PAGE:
Black Lives Matter: Why it’s controversial to say ‘All Lives Matter’ instead


By Rachel Au

Black Lives Matter: Why it’s controversial to say ‘All Lives Matter’ instead

The Black Lives Matter movement began as a hashtag in 2013 after “George Zimmerman was acquitted despite shooting and killing African American teenager Trayvon Martin the year before”. Its prominence grew after the deaths of two more African Americans—Michael Brown and Eric Garner—at the hands of the police in 2014. More recently, an African American man by the name of George Floyd was murdered after a white police officer knelt on his neck for eight minutes and 46 seconds and turned a deaf ear to the words: “Please, I can’t breathe.” Three other policemen at the scene of the crime did nothing.

Except they’re not the only ones who have lost their lives or faced violence due to racism. They’re not the only ones that have missed opportunities because of the colour of their skin. They’re not the only ones who were disbelieved when speaking a truth, just because they are Black. Consider this: “7.2 African Americans per million died at the hands of the police while 2.9 per million white Americans were killed by the police.” Consider systemic racism. From job opportunities to quality of education to housing areas offered, Blacks were undermined, denied and excluded. Ben & Jerry’s surprisingly explained this really well here. Alternatively, you can watch the Instagram video below for a better idea of what systemic racism is:

So, yes, all lives do matter but not all lives are at stake every day, for all days, like how Black people has faced. The generalisation. The stereotypes. Withheld opportunities aside, this is about their lives. Lives lost, family members lost, friends lost. So right now, saying Black Lives Matter spells urgency for things to change. Saying All Lives Matter drowns that out. If you’re still unsure of the difference, the following posts explains it best:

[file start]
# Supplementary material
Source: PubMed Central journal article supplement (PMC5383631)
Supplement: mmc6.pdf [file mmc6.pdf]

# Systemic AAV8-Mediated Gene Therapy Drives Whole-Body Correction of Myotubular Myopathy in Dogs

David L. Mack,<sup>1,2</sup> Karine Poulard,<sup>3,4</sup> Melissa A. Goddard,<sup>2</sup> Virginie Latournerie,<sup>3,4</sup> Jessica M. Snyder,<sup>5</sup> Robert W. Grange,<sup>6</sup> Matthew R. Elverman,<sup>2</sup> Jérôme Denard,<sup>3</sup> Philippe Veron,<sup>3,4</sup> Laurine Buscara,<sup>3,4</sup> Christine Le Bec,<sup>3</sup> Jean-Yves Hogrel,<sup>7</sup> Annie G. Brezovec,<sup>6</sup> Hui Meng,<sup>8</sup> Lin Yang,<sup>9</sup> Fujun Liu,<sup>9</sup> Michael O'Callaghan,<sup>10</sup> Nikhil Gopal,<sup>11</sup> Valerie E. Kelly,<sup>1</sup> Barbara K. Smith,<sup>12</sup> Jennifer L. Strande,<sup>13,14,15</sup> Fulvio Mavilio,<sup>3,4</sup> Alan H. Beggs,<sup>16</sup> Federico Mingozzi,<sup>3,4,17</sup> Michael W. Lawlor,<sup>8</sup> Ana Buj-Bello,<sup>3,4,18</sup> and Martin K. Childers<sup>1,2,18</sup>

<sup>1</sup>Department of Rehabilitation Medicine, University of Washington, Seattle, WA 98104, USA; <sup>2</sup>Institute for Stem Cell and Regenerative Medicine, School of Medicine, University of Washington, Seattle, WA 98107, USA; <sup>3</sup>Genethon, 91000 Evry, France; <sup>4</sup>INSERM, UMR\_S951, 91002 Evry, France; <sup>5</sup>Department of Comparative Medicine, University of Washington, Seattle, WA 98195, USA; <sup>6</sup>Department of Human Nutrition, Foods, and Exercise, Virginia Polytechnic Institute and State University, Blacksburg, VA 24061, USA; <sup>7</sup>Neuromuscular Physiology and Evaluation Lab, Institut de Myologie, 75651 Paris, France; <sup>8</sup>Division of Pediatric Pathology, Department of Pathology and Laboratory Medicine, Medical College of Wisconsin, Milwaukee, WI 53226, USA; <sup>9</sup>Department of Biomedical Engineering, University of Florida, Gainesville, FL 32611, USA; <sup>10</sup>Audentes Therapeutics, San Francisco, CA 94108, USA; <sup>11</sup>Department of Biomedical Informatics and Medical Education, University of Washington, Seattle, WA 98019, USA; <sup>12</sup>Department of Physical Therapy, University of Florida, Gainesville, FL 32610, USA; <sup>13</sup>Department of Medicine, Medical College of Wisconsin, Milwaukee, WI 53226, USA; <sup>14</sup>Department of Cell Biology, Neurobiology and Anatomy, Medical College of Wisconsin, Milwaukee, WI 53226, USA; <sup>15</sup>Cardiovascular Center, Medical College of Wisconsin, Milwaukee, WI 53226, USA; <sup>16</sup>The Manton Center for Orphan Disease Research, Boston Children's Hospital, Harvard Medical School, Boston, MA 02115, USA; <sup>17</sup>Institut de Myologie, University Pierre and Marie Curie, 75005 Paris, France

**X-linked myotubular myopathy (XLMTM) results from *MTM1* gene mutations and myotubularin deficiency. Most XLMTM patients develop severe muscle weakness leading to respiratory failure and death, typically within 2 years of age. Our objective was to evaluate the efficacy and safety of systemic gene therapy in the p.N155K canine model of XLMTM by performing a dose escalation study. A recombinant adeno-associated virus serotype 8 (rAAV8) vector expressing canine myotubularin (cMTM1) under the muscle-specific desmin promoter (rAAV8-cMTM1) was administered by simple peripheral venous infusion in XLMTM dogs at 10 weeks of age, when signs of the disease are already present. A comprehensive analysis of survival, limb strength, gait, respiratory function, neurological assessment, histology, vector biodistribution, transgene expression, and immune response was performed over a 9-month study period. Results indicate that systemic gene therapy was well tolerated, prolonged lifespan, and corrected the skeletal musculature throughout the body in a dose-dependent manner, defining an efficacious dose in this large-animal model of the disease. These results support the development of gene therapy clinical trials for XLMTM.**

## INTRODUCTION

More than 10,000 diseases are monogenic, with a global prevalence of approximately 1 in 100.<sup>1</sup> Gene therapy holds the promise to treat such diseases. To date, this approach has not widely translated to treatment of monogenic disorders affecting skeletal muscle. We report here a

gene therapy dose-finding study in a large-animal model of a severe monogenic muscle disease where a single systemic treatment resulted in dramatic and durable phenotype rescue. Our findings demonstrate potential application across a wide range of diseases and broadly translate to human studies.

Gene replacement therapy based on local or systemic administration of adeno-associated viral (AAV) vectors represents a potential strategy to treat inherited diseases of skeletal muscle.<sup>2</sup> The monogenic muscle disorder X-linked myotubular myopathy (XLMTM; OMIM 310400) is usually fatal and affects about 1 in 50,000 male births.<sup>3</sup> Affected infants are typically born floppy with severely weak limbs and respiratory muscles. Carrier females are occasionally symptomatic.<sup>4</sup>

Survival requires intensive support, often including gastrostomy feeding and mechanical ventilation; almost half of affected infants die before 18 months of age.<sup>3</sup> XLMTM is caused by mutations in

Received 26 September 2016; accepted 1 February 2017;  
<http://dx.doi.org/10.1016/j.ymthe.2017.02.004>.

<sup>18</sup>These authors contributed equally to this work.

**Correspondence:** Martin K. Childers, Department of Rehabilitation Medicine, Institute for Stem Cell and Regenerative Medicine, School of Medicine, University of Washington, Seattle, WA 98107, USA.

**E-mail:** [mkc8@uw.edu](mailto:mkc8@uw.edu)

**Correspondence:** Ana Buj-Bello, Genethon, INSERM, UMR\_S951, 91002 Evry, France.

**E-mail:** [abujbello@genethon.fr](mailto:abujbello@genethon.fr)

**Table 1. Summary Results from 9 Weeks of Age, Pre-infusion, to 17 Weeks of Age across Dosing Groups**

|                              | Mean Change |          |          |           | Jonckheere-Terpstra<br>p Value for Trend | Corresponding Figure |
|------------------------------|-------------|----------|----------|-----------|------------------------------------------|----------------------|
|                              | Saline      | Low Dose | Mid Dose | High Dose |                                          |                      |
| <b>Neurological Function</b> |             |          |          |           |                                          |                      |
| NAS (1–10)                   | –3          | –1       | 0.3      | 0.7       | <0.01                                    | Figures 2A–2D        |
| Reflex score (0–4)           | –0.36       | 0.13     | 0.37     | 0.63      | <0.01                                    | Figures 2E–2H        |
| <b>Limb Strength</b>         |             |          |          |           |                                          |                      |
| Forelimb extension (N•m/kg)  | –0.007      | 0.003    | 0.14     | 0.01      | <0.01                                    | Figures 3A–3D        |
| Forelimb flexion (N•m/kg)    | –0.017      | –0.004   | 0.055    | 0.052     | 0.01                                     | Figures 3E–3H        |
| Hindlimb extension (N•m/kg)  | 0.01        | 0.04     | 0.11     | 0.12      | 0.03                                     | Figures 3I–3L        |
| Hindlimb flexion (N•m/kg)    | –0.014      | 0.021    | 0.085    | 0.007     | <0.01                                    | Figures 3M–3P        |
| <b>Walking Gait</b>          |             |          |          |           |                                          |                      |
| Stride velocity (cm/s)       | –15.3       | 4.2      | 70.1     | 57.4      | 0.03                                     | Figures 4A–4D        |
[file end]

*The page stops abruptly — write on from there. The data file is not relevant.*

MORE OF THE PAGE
1. “When it comes to Black Lives Matter, I think what folks that are writing ‘All Lives Matter’ need to understand is that for some people black lives don’t matter at all. So for us, black lives matter. So, while you may have the best intentions in saying, ‘All Lives Matter,’ remember: For some people, black lives don’t matter at all.” — Ashton Kutcher


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2. “It’s not the one on fire right now.”

3. “If all lives matter, then why are black people killed for just being black? Why are immigrants persecuted? Why are white people given opportunities that people of other races aren’t?” — Billie Eilish

4. #BlackLivesMatter doesn’t mean your life isn’t important-it means that Black lives, which are seen as without value within White supremacy, are important to your liberation. Given the disproportionate impact state violence has on Black lives, we understand that when Black people in this country get free, the benefits will be wide reaching and transformative for society as a whole. When we are able to end hyper-criminalisation and sexualization of Black people and end the poverty, control, and surveillance of Black people, every single person in this world has a better shot at getting and staying free. When Black people get free, everybody gets free… When you drop “Black” from the equation of whose lives matter, and then fail to acknowledge it came from somewhere, you further a legacy of erasing Black lives and Black contributions from our movement legacy. And consider whether or not when dropping the Black you are, intentionally or unintentionally, erasing Black folks from the conversation or homogenising very different experiences.” — Alicia Garza, co-creator of #BlackLivesMatter

5. “Stop killing us for no reason.”

6. “Is your house on fire?”






12. “No matter how ‘well-intentioned’ it was meant to be… saying ‘All Lives Matter’ is a form of gaslighting.”  — Jess Bird

Malaysia isn’t innocent too when it comes to cases of racism, violence under police custody and unequal opportunities, all based on the colour of the skin. But that is a topic for another story. We will, however, like to add that another thing we’ve learnt recently is the subliminal meaning behind saying “I don’t see colour” and here’s why it’s worth thinking twice about these simple words.

“For me, seeing in color means a few things. It’s seeing people the way God made them – seeing them in their fullness. Yes, that includes their ethnicity… but also their passions, their fears, their favorite things. All of it! When you say ‘I don’t see color,’ I hear ‘I’m choosing to ignore parts of you.’ And if you don’t see me, you can’t fight for me.” — Danielle Coke

Meanwhile, if you’re looking to educate yourself more on this, as we have been too, you may read:

How can I as an individual be an ally in social and global issues?

All the resources you need to support the Black Lives Matter movement

Malaysia is complicit: Why the #BLM movement isn’t far from home

For more #BLM stories on the site, click here.

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